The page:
my neck down - just barely able to move my hands and that capability was
going fast! Bad hair day!
After seven back-to-back, double extended Table Six’s (over 40 hrs
total in that hot little chamber lying on a slab of plywood), I had recovered some upper body strength with all kinds of sensory
deficits and an ability to stand only if held up. Consultation with DAN, which had been on-going, concluded it was time to
get other specialty capabilities such as imaging, neuro, pulmonary, cardiac, etc., none of which was available on Bonaire.
At 7:00pm the 28th,
I agreed with DAN that I would go to Mercy hospital in Miami for a number of reasons which I will not enumerate for the sake
of brevity. DAN told me to be on the tarmac at 9:00 am the next morning. Waiting for me there was a Citation 5 into which
I was loaded on a stretcher and wired for sound, with an E/R physician, an E/R surgical nurse, my wife, and Pam. We flew to
Miami pressurized to sea level. There we were met by a waiting ambulance that took us to the E/R at Mercy hospital where Dr.
Ivan Montoya was waiting for me (one helluva fantastic physician). It took no more than 10 minutes to sterilize me and change
my catheter, clean a little salt off me, ask a few questions, and wheel me off to another chamber. Dick had sent a hand-written
discharge report with me for the Miami doctors and had talked by telephone with Ivan. I had already been assigned a team of
specialists. During the next two+ weeks, I had another twenty-odd chamber treatments of different schedules and every test
known to mankind except a mammogram and a pap smear! The trans-esophagus echo cardiogram was the worst. They stick about an
18" wand down your throat to view your heart chambers. You have to be awake to swallow the wand. I gag easily, so it was hell
for me! I retched for 30 minutes while that wand was down my throat as they looked for any opening between chambers. Also
I had six+ hours of physical and occupational therapy every day. It was 13 days before they induced my first bowel movement.
I won’t describe it. It was horrible! I have never felt so helpless and so humiliated in my life. I cried and sobbed
like a baby. I really wanted to die. You can’t imagine what it’s like to be unable to pee or poop.
Approaching 30 chamber treatments, I reached pulmonary O2 toxicity. My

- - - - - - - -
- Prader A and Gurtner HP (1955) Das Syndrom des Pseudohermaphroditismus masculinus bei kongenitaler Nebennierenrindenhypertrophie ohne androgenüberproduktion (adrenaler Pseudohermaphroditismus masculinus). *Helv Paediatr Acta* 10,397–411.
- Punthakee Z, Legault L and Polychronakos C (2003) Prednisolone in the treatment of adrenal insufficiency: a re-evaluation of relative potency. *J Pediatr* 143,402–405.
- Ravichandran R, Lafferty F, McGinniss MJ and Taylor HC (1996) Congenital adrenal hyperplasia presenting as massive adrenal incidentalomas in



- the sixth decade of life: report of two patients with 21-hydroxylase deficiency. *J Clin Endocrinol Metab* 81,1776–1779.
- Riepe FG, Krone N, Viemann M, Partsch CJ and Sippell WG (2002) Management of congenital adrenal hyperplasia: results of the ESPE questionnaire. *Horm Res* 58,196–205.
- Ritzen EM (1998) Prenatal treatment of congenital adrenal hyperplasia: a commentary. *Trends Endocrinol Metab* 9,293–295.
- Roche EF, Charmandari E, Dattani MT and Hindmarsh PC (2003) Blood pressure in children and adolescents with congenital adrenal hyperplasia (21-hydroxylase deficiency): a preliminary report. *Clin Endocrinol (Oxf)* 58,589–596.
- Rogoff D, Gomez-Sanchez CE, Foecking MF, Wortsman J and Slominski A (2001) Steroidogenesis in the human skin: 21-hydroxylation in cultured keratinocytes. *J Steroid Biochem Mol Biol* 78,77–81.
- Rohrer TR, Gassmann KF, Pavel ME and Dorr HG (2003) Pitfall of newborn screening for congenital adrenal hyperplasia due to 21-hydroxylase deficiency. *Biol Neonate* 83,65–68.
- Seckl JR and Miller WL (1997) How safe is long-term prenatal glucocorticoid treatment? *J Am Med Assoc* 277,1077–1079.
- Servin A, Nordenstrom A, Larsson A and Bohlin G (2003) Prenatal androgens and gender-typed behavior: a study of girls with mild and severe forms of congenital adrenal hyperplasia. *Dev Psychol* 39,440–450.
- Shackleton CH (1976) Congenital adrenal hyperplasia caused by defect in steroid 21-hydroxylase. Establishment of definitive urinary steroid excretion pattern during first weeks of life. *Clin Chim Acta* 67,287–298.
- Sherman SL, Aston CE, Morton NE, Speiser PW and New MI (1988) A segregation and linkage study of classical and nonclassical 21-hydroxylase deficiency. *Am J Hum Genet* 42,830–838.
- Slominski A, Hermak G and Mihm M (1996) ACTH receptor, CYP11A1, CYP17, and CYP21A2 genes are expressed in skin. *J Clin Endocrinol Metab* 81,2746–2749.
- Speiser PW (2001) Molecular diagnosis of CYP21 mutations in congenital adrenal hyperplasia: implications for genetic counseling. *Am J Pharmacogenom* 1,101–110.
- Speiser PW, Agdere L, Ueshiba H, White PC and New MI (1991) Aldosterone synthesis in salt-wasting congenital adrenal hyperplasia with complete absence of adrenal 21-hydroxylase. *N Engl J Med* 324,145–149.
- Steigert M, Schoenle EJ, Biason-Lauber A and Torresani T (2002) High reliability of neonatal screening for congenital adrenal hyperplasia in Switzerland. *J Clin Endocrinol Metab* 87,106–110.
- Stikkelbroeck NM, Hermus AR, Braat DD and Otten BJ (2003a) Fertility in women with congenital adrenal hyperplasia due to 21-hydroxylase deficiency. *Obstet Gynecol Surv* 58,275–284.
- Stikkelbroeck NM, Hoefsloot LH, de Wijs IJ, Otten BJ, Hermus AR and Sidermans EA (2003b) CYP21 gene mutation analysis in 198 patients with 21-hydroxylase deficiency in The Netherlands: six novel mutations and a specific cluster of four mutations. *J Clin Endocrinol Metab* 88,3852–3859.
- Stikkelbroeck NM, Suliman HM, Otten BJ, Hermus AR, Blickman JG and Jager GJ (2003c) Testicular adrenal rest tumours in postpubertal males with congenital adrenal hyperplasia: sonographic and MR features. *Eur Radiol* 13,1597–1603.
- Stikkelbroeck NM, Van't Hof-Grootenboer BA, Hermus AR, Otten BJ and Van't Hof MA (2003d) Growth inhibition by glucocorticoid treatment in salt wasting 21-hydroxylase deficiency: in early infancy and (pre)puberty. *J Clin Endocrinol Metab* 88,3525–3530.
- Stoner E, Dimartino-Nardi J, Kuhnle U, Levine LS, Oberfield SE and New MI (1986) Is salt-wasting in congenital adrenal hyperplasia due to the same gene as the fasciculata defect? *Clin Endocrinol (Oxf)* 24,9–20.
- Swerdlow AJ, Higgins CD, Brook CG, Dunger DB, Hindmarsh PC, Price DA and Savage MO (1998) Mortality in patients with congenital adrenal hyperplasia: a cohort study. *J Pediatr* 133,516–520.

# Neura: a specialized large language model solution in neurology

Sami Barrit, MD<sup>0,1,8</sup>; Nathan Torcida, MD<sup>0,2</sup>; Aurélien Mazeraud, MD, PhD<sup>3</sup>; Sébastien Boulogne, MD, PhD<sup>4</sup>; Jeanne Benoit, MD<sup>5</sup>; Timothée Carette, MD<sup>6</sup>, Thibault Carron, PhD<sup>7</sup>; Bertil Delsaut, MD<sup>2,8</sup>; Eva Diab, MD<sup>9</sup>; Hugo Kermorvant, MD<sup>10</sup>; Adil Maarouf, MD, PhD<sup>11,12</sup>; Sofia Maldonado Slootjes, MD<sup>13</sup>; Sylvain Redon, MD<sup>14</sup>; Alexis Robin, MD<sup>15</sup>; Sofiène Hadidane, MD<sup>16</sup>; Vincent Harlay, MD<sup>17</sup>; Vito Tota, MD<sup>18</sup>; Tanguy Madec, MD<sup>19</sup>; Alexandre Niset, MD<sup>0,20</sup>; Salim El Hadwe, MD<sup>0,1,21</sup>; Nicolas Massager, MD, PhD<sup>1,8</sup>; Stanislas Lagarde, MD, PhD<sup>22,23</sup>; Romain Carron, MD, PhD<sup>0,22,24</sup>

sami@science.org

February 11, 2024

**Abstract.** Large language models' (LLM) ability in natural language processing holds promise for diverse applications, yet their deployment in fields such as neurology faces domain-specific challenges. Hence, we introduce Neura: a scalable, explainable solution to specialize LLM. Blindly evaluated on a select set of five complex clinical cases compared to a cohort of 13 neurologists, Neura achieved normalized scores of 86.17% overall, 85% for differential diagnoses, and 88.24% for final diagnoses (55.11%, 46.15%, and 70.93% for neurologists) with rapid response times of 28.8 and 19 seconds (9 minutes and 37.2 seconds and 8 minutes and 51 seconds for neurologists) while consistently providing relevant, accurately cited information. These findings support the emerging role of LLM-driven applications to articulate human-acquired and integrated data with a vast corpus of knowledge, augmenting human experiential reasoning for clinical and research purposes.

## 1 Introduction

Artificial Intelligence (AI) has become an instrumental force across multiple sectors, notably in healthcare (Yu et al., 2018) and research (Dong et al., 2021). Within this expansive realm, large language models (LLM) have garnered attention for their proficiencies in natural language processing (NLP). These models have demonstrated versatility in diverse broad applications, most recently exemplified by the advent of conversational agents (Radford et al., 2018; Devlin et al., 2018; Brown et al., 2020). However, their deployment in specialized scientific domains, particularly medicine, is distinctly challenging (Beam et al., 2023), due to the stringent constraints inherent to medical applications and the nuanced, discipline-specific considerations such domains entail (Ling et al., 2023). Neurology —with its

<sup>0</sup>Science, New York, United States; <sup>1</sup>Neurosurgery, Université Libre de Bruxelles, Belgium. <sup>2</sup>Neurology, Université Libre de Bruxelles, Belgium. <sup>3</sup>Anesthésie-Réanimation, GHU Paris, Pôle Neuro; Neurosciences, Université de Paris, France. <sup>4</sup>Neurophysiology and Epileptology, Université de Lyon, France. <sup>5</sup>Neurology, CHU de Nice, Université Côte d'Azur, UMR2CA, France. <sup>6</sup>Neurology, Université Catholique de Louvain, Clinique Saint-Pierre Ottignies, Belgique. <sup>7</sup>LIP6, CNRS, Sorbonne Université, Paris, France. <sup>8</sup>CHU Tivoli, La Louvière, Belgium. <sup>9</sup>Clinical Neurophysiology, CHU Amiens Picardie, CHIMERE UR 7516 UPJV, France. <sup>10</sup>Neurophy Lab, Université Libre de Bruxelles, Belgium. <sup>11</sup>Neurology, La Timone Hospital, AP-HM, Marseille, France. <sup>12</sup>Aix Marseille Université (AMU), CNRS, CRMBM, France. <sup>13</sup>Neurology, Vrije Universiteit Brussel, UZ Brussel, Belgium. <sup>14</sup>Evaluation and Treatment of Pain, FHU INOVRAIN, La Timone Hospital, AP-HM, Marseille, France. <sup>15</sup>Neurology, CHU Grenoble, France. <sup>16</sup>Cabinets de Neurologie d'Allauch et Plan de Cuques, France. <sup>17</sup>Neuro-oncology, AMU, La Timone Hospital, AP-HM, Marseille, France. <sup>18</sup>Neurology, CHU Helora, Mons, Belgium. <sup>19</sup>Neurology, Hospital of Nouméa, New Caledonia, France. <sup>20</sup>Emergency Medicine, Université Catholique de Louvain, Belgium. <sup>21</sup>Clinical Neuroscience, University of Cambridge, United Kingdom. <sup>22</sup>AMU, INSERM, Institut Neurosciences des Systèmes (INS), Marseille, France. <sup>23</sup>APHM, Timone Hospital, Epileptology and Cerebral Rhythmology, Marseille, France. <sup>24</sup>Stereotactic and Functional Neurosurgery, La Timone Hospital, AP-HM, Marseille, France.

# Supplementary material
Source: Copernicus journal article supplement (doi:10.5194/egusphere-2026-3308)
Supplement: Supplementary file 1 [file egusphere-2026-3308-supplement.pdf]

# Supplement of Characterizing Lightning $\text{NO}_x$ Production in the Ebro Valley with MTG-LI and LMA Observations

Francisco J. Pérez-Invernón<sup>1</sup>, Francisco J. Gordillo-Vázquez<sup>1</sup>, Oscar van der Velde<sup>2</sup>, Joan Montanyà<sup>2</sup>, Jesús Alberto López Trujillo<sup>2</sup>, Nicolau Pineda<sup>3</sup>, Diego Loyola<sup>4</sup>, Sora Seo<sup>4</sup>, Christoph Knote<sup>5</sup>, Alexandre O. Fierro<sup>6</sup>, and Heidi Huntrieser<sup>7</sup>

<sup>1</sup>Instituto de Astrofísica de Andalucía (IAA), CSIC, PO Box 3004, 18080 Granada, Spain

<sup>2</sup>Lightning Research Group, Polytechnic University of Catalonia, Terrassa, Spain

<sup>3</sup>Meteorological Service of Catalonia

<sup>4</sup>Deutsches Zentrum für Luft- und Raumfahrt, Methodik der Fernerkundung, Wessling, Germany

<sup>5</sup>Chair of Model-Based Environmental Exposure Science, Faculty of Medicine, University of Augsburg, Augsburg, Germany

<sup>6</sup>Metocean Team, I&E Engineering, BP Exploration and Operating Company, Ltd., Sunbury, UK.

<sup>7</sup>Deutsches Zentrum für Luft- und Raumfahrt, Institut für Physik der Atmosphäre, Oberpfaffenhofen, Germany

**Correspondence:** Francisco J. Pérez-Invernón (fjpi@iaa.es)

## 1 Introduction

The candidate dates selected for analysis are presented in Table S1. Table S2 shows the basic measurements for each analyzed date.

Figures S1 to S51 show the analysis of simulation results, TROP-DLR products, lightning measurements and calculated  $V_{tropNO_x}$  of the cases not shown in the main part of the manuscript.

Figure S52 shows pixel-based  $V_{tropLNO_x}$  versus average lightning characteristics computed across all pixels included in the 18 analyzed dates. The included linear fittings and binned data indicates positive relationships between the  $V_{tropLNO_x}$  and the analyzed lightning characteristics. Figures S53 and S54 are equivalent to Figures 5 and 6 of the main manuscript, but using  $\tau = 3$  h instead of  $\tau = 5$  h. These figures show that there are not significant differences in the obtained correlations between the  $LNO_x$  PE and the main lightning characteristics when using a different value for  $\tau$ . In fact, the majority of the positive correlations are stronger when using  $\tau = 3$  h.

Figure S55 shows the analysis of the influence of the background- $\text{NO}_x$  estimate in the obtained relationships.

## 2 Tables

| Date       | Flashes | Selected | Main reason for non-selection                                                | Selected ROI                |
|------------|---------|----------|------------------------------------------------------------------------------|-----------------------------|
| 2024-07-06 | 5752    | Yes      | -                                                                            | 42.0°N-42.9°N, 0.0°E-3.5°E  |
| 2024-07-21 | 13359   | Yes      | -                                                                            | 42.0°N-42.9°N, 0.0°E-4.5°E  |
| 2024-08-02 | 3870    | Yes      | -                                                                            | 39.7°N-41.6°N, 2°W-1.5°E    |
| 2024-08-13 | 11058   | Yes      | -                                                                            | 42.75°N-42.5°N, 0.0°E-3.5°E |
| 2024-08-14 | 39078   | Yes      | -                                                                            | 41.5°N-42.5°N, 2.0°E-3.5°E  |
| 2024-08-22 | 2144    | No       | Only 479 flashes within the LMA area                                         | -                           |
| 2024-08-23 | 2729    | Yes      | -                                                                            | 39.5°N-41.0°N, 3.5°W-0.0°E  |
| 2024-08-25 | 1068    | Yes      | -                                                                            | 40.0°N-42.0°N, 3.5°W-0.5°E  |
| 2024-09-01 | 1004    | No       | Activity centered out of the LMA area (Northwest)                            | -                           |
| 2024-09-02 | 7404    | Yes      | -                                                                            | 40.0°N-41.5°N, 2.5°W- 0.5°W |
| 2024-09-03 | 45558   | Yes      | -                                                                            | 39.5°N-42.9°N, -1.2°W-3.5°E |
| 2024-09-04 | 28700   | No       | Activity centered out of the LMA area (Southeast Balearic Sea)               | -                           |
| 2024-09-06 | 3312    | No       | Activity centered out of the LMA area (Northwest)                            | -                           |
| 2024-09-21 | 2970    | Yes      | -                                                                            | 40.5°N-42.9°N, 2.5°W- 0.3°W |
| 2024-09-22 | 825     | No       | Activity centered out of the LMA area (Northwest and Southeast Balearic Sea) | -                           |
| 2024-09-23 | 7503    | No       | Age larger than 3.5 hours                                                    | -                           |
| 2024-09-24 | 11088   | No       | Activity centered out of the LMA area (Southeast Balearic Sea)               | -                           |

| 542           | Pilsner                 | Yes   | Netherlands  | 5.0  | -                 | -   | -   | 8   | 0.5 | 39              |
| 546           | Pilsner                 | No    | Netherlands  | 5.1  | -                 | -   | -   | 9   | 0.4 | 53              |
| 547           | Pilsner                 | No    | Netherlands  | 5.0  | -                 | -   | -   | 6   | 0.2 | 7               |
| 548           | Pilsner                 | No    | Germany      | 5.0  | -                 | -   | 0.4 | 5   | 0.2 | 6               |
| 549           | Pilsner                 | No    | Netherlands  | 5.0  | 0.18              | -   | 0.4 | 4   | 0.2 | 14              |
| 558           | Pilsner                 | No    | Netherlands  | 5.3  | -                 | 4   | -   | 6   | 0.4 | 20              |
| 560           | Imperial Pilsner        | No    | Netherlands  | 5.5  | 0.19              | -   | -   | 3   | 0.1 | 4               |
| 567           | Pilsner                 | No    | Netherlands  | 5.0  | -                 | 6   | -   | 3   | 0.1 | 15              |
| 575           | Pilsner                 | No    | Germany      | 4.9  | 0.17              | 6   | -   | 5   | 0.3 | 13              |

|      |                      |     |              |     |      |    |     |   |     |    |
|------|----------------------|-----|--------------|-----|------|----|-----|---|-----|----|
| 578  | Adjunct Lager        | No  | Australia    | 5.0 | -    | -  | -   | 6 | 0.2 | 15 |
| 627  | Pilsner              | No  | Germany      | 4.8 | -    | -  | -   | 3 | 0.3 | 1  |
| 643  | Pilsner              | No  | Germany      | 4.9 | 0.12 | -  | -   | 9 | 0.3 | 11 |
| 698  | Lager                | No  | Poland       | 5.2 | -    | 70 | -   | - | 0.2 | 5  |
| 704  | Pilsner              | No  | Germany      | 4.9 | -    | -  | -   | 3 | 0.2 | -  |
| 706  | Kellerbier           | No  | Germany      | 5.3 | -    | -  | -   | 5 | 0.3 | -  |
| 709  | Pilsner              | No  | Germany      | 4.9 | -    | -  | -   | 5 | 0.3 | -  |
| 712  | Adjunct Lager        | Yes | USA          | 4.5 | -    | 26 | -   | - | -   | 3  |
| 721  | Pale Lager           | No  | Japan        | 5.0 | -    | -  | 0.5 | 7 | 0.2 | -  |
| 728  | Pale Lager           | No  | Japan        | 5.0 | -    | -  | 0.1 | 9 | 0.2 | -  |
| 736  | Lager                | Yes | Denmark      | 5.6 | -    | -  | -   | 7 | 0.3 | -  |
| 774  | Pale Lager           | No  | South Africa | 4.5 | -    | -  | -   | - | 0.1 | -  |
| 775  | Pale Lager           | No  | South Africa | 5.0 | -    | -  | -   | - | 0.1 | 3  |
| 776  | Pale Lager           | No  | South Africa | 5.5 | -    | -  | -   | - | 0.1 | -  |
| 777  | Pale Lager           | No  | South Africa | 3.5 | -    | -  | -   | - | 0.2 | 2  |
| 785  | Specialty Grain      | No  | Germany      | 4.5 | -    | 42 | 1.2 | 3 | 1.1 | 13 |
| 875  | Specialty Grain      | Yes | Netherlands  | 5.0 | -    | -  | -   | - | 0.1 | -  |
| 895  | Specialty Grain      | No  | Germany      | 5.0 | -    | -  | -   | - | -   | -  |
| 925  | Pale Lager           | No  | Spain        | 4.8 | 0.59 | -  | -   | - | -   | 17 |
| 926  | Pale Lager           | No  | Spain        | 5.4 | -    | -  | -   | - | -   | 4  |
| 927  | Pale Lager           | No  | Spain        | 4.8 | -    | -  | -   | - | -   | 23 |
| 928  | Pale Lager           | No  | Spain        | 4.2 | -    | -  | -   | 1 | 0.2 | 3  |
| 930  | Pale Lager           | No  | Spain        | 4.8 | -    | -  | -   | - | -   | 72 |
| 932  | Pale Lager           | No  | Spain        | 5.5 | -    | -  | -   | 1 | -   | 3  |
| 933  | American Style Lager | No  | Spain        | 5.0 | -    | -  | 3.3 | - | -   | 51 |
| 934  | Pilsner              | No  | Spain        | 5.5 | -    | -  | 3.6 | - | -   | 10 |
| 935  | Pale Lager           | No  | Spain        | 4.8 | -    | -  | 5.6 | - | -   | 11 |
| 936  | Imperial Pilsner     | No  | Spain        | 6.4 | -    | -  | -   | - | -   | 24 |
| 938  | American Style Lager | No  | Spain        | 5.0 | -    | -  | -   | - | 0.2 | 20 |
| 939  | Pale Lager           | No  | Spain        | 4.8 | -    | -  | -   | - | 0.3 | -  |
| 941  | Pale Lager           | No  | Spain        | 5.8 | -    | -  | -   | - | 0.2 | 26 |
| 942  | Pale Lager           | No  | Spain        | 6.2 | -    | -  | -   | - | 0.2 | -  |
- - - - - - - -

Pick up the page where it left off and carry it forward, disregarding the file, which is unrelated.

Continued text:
lungs simply couldn’t take any more oxygen at any pressure. I had to terminate the HBOT so I was discharged. We flew
home pressurized to sea level. Discharge diagnosis: DCS Type II; Multiple ischemic demyelination injuries to the spinal cord2; lesions too small to be
detected by MRI and an ischemic demyelination lesion deep in the lower right frontal lobe white matter clearly detected by
MRI. Cause: Unknown. Prognosis: Fair to good. The Dr’s at Duke (DAN) referred to it as “Hit and Run DCS
II in the form of a shower of microscopic bubbles.” They did a lengthy article in “Alert Diver” magazine
(Nov.’97) using no names. At that point, I was an expert in self-catheterization (not so great a sport; masturbation
would have been more fun).
However, with great effort and concentration, I could start urination
at times, but I had no bladder sensations whatsoever. I had to discipline myself to drain my tank every few hours to preclude
a bladder overfill which could be quite dangerous. I could stand alone and even take a few steps unaided, but I had to use
a walker to ambulate. Bowel functions still had to be induced, and I had virtually no feelings in my upper body though I had
regained most of the functions above my waist such as arm movement, hand movement, etc. still with major sensory deficits
and significant weakness. I arrived home where a couple of my kids had put together a complete rehab gym in a large room next
to my office. One of my daughters has a masters in OT. That very same day I dove into my rehab program with every ounce of
energy, intensity and determination I could muster - 7 days/wk. My daughter had already arranged for me to get under
the care of a physiatrist (rehab specialist) at the Florida Spinal Rehab Institute and a neurologist as well as my personal
physician, of course. I spent virtually every waking minute for 3 months working at my rehabilitation, taking time out only
for meals and a little rest when I reached near exhaustion. By the latter part of August, I had regained proprioception such
that I could stand on one foot with my eyes closed; I could walk on my own, and I could drive. I could ride my mountain bike
10 miles, and my bodily functions had improved considerably. You just cannot imagine the pure pleasure of peeing if you have
never been married to a Foley catheter or had to self-catheterize!